# How do I create a Quantum Time Operator with DifferentialEquations?

For the special case of unitary matrices, my quantum mechanics books tells me to use Time Evolution Operators.
`β(t) = exp(-im*H*t/h)*β(0)`

As far I know, I just need to use Matrix Exponential.
First, decompose `H = ψ*λ*inv(ψ)`

Second, we create a time evolution operator `U = exp(-im*H*t) = ψ*exp(-im*λ*t)*inv(ψ)`

If one sets a small enough time interval `δt` : `δU = exp(-im*H*δt) = ψ*exp(-im*λ*δt)*inv(ψ)`

Then, I can evolve iteratively the solution `βₜ₊₁ = δU*βₜ` of my problem.

``````using LinearAlgebra
using Random
Random.seed!(1256)
N = 2

H = [1 1;-1 1]./sqrt(2)
β₀= rand(ComplexF64, N);

maxTimeSteps, t_max = 1000, 10
t = range(1, stop=t_max, length=maxTimeSteps);
δₜ = t[2]-t[1];

@time begin
λ, ψ = eigen(H);

δU = ψ*exp(-im*Diagonal(λ*δₜ))*inv(ψ)

βₜ = []
push!(βₜ,  deepcopy(β₀));
for idx_t = 2:maxTimeSteps
push!(βₜ, δU*βₜ[idx_t-1]  )
end
end
``````

I would like to solve this problem with `DifferentialEquations`, but I don’t know how to properly write down. It should be simple, but I’m taking time.
My bet was to use `du/dt = a*u` as input, because its solution is `u(t)=exp(a*t)`

``````using DifferentialEquations
function ff(du, u, p,t)
du[:] .= -im*H*u
end
tspan = (0.0,t_max);
prob = ODEProblem(ff,β₀,tspan);
@time sol = solve(prob, Tsit5(), reltol=δₜ, abstol=δₜ);
``````

I can check the difference of the last results are far away of each other.

``````julia> abs.(βₜ[end] .- sol.u[end])
2-element Vector{Float64}:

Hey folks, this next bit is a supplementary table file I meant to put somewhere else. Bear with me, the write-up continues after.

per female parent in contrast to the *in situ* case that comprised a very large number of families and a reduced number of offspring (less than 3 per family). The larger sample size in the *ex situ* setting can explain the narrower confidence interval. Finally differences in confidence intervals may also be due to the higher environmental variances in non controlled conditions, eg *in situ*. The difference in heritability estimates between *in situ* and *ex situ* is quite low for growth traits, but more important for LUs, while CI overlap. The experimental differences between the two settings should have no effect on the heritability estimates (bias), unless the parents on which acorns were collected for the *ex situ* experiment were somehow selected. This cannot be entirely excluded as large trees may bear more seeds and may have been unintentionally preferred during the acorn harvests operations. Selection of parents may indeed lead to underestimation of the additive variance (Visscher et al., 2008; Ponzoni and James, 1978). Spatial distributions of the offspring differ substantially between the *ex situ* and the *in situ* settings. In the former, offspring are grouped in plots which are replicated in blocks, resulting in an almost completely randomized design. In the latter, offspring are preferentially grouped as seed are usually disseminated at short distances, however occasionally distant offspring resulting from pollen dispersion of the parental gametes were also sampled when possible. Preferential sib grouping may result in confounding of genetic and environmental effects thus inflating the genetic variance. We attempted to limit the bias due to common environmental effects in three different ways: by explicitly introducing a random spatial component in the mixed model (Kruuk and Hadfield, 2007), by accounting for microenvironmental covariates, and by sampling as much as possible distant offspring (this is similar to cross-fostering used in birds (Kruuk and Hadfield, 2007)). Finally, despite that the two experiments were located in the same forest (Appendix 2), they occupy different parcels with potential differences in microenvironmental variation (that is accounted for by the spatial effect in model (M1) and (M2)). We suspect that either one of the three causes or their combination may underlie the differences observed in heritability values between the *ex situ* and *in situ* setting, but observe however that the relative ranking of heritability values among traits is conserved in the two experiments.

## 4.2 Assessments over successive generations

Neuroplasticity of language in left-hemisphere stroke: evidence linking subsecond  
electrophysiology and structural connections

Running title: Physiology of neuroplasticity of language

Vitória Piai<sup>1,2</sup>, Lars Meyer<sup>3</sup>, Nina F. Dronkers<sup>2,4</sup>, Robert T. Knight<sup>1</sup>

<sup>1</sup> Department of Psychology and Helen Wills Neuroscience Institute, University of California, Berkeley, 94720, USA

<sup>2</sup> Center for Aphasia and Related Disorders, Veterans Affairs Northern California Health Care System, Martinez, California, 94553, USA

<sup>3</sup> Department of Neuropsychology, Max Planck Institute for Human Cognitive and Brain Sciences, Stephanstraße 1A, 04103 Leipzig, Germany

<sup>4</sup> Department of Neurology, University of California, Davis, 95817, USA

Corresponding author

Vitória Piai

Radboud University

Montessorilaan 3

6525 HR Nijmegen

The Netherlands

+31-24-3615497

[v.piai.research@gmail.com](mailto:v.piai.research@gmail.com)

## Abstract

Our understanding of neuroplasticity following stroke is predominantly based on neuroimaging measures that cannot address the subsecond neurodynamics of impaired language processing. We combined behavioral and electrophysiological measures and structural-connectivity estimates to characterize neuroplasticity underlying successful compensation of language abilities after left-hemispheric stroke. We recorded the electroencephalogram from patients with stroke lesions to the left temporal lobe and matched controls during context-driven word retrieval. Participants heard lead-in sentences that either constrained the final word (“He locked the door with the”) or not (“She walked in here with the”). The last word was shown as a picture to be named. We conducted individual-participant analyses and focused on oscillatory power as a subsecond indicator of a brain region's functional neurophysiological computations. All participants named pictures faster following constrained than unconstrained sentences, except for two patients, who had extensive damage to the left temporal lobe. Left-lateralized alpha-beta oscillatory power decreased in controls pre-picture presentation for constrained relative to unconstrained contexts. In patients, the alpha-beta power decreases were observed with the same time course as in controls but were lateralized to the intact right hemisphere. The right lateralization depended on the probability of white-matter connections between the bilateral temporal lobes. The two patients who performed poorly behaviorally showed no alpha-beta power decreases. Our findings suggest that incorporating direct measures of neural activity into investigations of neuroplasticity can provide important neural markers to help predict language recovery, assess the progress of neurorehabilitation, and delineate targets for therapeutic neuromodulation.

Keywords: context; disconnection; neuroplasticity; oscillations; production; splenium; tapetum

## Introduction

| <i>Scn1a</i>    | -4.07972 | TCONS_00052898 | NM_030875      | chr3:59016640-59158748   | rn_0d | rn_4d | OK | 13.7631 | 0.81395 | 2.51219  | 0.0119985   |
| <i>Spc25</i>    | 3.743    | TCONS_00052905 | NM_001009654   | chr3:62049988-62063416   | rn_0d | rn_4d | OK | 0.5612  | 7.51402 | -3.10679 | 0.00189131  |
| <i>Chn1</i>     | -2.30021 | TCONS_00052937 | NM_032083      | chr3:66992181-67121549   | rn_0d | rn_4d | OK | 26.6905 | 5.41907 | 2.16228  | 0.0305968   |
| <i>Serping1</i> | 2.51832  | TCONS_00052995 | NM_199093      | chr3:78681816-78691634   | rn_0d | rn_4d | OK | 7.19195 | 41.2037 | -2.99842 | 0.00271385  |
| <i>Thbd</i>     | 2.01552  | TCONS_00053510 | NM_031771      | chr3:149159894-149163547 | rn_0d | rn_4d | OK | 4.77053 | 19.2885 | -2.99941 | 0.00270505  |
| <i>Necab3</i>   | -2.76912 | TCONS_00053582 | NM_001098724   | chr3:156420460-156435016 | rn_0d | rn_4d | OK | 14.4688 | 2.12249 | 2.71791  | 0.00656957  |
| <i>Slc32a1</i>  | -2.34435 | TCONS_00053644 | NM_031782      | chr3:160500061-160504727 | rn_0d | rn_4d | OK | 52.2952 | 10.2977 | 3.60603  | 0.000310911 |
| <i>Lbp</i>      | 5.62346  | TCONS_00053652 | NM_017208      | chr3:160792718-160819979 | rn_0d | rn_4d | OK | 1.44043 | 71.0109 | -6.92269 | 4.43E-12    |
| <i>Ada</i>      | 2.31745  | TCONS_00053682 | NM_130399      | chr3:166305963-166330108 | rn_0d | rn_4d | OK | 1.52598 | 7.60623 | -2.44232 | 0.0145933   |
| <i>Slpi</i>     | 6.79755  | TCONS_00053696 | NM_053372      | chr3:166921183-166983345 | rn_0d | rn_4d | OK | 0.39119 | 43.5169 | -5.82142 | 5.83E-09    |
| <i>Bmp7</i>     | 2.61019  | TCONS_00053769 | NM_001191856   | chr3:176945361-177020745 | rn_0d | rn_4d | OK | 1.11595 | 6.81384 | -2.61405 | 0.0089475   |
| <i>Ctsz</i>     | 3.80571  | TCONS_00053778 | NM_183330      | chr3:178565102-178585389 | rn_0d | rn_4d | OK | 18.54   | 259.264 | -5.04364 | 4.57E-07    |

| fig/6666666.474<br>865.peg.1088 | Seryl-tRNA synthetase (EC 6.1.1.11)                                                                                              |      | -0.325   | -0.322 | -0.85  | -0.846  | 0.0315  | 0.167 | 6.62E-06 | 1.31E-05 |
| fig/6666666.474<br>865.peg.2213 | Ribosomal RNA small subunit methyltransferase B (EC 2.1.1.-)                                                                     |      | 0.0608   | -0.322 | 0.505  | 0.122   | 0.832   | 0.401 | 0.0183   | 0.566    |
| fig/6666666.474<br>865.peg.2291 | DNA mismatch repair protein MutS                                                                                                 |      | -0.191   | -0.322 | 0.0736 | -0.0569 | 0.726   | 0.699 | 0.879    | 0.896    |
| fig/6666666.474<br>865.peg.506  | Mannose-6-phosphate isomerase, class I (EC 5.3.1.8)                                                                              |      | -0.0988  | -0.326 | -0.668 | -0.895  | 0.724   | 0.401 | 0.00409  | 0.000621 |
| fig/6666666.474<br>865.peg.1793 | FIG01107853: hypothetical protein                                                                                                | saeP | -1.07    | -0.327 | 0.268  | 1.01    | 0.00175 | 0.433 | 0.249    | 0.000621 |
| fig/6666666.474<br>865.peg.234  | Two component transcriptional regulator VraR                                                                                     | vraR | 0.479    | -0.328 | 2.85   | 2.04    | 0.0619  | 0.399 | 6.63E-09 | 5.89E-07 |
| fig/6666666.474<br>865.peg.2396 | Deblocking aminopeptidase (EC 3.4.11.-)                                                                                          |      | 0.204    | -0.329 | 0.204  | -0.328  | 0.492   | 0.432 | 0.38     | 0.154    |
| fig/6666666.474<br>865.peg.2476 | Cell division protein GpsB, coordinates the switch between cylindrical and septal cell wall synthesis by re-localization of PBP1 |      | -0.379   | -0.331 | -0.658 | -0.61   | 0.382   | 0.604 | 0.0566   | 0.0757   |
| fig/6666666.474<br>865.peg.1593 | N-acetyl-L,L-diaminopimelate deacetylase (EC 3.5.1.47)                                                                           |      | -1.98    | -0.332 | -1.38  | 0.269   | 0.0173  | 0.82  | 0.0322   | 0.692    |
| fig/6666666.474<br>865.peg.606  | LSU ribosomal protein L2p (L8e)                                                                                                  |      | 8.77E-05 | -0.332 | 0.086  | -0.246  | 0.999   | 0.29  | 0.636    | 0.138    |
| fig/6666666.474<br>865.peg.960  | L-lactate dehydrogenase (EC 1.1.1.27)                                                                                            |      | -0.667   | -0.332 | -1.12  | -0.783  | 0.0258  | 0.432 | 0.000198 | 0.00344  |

424.06945981919637
424.06825305239903
``````

Is there any one with physics background that already knows where my silly mistake is ?

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See the examples which use the exponential integrators and Magnus methods.

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Chris is right about Magnus propagators being the method of choice for QM. See also this earlier post: How to efficiently exponentiate a complex (symmetric) tridiagonal matrix?

Are you sure you want this Hamiltonian matrix though?

This is non-Hermitian, which is very untypical in Markovian (=normal) QM.

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I knew it. I did some silly mistake, the wrong Hamiltonian was the first.
The second was to initialize the first method at `t_0=1`, and the other with `t_0=0`.

BUT I found major mistake :

I setup `reltol=δₜ, abstol=δₜ`, and in this example, `δₜ=0.10010`, which is a terrible tolerance. Just using default values, or not adaptive methods, everything worked as expected.

``````(...)
β₀ = [1.0+0im,1.0+0im] ./sqrt(2)

(...)
@time sol1 = solve(prob, Tsit5(), adaptive=true, dt=δₜ, dense=true, reltol=δₜ, abstol=δₜ);
@time sol2 = solve(prob, Tsit5(), adaptive=true, dt=δₜ, dense=true);
@time sol3 = solve(prob, Tsit5(), adaptive=false, dt=δₜ);

using Plots
fig1 = plot(t,  [abs2(βₜ[i][1]) for i=1:length(t)], label="exp")
plot!(t,  [abs2(sol1(t[i])[1]) for i=1:length(t)], label="sol1", lw=4, linestyle=:dot)

fig2 = plot(t,  [abs2(βₜ[i][1]) for i=1:length(t)], label="exp")
plot!(t,  [abs2(sol2(t[i])[1]) for i=1:length(t)], label="sol2", lw=4, linestyle=:dot)

fig3 = plot(t,  [abs2(βₜ[i][1]) for i=1:length(t)], label="exp")
plot!(t,  [abs2(sol3(t[i])[1]) for i=1:length(t)], label="sol3", lw=4, linestyle=:dot)

plot(fig1, fig2, fig3)
``````

Anyway, using the matrix exponential still faster approach if I don’t need to guarantee stability.

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